Giant video walls powered by a Raspberry Pi

There’s no denying that giant video walls are awesome, but creating one usually means a fairly complex setup with either multiple computers or very expensive video cards. Now, with Pi Wall, you can make a video wall as large as your wallet will allow with only one Raspi per monitor, and a single master pi to control the whole shebang.

As long as you have a few displays with an HDMI input, it’s easy to turn them into a giant monitor. Just plug one Pi per monitor into a network switch, have a Pi (or other Linux box) transmit a video to all the video tiles, and sit back and enjoy the show.

Right now there is an installation guide for creating a Pi Wall, but there are a few limitations; this software only works with the video player provided with the Raspberry Pi, omxplayer. If you’re looking to create an enormous display for a flight simulator or what have you, you might need to do a bit of tinkering under the hood.

31 thoughts on “Giant video walls powered by a Raspberry Pi

      1. Oh, and you can’t forget the little umbrella and a slice of lemon to stick on the lip of the glass. We’re not barbarians, you know. Standards must be maintained.

        (c:

        P.S.: Cool video wall.

      1. I worked on this display using XdmX in highschool. We built the thing with 12 display nodes and 1 server. It was a mess to configure and keep running. If I remember correctly, we used a special network that did nothing but the video.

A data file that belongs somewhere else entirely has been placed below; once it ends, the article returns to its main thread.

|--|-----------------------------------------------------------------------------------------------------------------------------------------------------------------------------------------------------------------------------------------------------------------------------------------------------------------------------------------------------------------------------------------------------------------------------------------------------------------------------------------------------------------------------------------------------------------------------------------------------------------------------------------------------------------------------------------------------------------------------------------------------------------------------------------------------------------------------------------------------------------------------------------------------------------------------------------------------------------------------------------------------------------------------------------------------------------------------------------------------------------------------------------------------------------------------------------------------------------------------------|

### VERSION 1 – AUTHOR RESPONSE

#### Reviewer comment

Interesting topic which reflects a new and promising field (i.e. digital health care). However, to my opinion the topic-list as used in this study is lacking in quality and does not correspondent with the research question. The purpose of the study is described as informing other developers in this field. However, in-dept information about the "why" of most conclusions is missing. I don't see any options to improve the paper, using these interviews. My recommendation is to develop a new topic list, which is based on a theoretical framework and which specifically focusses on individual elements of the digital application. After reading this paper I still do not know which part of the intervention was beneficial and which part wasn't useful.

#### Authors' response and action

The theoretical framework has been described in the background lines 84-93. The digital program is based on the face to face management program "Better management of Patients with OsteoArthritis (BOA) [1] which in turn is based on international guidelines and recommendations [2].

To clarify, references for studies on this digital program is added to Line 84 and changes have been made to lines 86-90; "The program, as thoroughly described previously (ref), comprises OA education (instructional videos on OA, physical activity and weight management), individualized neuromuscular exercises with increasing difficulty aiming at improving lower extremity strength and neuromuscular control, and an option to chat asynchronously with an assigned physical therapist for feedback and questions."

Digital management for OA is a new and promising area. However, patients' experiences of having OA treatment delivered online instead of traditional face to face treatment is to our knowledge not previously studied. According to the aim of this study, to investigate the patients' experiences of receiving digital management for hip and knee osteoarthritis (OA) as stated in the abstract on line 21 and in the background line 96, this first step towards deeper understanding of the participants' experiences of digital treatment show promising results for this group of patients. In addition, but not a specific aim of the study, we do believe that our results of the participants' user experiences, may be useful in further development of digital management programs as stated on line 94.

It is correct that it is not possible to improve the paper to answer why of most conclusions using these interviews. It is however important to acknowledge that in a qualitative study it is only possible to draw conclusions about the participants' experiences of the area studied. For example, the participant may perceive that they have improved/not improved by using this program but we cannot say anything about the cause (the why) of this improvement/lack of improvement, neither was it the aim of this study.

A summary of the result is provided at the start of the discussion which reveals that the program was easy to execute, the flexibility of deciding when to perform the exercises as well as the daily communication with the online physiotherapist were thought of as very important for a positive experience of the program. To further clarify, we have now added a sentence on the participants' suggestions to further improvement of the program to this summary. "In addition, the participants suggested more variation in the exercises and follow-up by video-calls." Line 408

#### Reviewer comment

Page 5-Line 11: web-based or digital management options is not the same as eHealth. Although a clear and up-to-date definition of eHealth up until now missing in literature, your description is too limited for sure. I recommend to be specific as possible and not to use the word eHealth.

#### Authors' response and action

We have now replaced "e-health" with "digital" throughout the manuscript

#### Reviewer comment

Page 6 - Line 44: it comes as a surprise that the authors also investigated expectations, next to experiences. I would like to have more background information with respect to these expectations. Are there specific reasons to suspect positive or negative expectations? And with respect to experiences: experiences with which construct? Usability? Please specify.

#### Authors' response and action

1. Aren’t most modern PC graphics cards now capable of this, even the cheap ones?

    DisplayPort allows daisy chaining, so as long as your graphics card has one or two DisplayPorts you could chain up a pile of monitors without a problem.

    Not saying this isn’t cool, but saying it requires an expensive / special graphics card isn’t entirely true. Even Intel Integrated Graphics 4000/2500 supports running three screens, can’t get much more low-end or cheap than that as a starting point…

    Using a Pi is also hardly a cheap solution, not when you need one per-screen. The wall featuring 9 displays cost $225, which is more than enough to buy a very nice graphics card with between 4 and 6 DisplayPort outputs (and each of those DisplayPorts can have 3+ monitors daisy-chained).

    1. $225 will not buy the computer to put the card in though.
      I know my TV doesn’t have DisplayPort, is it actually a common connector for standard tvs?

      This system has the benefit of working with almost any modern tv, and I’m guessing scalability would be a strong point of this system.

      1. Most people considering a video wall are pretty likely to already have a computer on-hand to toy around with. A computer is also (generally) required to get a Pi up and running, so you’d need one anyway.

        Most people considering a video wall will also want matched monitors, which generally means buying them all in one hit anyway.

        If you’re getting all new monitors anyway, might as well get DisplayPort capable ones (and yes, this can be easily found on TVs). Also possible to use cheap single-link active adapters to connect via DVI / HDMI.

        Graphics cards will scale better than this (after a point). Newegg has a Radeon HD 7750 for $249 that has six DisplayPort outputs, and each of those outputs can drive 3 monitors. That’s 18 monitors off one card, with a full PC’s worth of power to throw behind putting impressive visuals up ;)